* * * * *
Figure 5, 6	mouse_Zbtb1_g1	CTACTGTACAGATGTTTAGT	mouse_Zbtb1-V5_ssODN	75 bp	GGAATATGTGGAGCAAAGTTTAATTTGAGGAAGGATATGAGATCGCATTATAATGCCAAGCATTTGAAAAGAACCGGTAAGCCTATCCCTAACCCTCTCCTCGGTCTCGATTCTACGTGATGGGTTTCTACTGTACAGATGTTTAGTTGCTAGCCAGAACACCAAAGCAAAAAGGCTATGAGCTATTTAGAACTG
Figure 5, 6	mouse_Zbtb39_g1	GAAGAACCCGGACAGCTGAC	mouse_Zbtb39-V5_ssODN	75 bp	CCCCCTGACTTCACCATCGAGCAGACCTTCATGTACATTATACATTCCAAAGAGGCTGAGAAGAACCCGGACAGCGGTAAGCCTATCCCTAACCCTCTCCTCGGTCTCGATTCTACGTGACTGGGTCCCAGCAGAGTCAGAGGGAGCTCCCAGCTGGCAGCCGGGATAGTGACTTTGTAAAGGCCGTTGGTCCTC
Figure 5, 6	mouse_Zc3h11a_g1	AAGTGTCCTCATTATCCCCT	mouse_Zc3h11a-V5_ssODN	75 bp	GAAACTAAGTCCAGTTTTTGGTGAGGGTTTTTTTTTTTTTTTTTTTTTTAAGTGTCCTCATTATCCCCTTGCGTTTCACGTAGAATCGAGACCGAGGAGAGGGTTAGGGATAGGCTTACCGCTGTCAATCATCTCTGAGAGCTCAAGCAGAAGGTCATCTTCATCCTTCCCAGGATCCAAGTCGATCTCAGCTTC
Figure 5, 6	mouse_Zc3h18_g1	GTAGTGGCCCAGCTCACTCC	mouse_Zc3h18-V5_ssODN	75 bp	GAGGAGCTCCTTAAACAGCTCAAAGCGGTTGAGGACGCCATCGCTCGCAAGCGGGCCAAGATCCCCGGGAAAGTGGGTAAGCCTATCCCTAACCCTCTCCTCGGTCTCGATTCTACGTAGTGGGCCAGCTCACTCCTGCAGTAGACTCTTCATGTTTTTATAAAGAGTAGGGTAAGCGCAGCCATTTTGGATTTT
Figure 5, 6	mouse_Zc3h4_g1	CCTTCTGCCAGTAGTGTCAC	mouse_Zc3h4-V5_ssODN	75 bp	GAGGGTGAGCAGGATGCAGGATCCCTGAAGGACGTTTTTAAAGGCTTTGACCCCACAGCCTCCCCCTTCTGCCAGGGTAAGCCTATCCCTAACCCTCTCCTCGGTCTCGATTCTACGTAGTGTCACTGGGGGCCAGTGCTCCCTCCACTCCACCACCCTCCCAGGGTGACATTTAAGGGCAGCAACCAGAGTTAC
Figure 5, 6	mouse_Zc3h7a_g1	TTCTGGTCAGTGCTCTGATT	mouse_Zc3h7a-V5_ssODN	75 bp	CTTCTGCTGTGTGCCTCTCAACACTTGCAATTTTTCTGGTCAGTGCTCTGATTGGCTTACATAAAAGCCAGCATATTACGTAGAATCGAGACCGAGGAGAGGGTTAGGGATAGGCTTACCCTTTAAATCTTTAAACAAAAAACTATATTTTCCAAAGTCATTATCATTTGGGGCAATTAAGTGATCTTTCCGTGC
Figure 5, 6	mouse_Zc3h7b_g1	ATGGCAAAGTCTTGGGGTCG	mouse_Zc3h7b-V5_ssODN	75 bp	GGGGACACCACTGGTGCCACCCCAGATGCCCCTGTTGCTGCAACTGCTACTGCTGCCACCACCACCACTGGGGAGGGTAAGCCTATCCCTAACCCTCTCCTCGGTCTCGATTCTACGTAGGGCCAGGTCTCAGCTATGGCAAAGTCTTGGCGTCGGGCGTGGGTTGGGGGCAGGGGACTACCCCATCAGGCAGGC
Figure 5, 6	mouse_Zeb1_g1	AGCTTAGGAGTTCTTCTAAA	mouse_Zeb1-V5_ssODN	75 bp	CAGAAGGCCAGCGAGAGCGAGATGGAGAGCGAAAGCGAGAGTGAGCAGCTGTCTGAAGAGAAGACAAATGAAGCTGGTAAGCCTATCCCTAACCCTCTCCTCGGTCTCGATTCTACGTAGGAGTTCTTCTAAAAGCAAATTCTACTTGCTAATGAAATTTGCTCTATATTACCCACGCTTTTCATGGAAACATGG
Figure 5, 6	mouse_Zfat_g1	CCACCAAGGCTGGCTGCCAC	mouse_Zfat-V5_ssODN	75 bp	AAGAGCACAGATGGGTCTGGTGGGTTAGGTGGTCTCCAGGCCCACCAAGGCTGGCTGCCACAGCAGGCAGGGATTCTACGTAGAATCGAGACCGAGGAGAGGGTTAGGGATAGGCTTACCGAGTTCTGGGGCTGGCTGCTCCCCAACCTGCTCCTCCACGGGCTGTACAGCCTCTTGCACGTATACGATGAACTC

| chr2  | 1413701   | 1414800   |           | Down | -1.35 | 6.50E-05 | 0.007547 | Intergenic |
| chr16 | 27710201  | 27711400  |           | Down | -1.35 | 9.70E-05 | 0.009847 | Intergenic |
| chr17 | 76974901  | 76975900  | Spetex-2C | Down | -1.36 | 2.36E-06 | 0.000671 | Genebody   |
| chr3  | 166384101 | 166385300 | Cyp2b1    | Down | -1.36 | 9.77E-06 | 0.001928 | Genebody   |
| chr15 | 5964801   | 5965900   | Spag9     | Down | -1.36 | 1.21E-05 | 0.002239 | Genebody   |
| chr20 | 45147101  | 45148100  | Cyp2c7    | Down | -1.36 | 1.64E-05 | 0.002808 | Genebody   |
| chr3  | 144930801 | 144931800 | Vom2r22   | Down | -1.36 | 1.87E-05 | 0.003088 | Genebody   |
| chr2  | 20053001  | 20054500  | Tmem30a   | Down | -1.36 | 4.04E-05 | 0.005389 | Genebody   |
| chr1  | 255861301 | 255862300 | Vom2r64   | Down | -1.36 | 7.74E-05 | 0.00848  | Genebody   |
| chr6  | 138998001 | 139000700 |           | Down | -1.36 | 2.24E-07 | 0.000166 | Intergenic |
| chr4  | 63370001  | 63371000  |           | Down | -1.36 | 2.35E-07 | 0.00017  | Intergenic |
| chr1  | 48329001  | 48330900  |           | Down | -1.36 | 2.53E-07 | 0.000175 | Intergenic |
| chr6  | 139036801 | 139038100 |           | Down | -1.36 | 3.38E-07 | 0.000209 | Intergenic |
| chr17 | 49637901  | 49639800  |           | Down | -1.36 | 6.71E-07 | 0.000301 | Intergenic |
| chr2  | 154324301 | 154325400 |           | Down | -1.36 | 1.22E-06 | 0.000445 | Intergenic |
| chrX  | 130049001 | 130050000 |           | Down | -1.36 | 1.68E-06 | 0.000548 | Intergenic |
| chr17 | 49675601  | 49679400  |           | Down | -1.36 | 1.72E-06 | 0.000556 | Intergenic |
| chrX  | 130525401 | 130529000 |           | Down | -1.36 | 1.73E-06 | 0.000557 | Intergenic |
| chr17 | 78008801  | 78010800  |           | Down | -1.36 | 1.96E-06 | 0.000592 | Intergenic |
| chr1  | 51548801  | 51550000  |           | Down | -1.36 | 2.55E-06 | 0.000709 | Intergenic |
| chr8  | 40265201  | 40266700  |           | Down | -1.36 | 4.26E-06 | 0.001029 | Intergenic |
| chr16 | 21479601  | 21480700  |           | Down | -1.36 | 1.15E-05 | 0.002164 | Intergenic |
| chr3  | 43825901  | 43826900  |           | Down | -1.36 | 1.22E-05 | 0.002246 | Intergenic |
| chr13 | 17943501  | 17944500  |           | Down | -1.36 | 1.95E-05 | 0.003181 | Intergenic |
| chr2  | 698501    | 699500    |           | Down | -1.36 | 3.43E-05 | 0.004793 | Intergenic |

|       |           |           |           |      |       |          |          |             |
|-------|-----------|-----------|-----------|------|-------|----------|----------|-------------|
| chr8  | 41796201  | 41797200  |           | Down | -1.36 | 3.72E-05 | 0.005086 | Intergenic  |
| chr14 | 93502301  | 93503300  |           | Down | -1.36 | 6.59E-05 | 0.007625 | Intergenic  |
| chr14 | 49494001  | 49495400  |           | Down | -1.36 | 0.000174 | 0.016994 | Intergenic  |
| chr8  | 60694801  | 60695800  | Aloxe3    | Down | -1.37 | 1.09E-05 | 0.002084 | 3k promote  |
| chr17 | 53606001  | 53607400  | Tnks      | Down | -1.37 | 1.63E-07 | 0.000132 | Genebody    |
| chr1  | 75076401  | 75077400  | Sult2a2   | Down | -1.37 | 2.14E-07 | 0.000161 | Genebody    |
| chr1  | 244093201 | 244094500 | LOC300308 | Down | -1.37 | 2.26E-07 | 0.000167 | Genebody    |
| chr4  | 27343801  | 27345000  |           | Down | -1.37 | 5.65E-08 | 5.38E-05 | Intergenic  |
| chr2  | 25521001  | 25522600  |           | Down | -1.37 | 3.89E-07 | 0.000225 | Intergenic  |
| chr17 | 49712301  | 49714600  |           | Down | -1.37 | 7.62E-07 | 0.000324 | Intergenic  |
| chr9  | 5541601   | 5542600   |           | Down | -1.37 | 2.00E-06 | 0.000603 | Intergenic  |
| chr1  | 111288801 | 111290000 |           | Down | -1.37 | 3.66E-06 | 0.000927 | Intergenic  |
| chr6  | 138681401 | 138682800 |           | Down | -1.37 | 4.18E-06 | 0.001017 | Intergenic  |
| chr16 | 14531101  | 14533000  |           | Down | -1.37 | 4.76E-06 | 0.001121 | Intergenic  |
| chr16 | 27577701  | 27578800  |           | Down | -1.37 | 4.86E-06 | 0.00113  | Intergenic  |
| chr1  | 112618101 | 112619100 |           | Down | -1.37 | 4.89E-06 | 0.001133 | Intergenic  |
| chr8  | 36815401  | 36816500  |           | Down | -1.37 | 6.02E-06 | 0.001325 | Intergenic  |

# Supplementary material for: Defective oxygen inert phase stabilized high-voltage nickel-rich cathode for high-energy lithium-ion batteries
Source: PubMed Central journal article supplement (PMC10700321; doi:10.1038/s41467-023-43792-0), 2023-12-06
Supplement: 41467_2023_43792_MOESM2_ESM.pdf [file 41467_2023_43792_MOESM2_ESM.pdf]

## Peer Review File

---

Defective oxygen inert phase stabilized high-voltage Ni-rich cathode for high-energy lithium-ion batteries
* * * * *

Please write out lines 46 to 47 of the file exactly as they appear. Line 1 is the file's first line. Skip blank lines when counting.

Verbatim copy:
| chr17 | 49712301  | 49714600  |           | Down | -1.37 | 7.62E-07 | 0.000324 | Intergenic  |
| chr9  | 5541601   | 5542600   |           | Down | -1.37 | 2.00E-06 | 0.000603 | Intergenic  |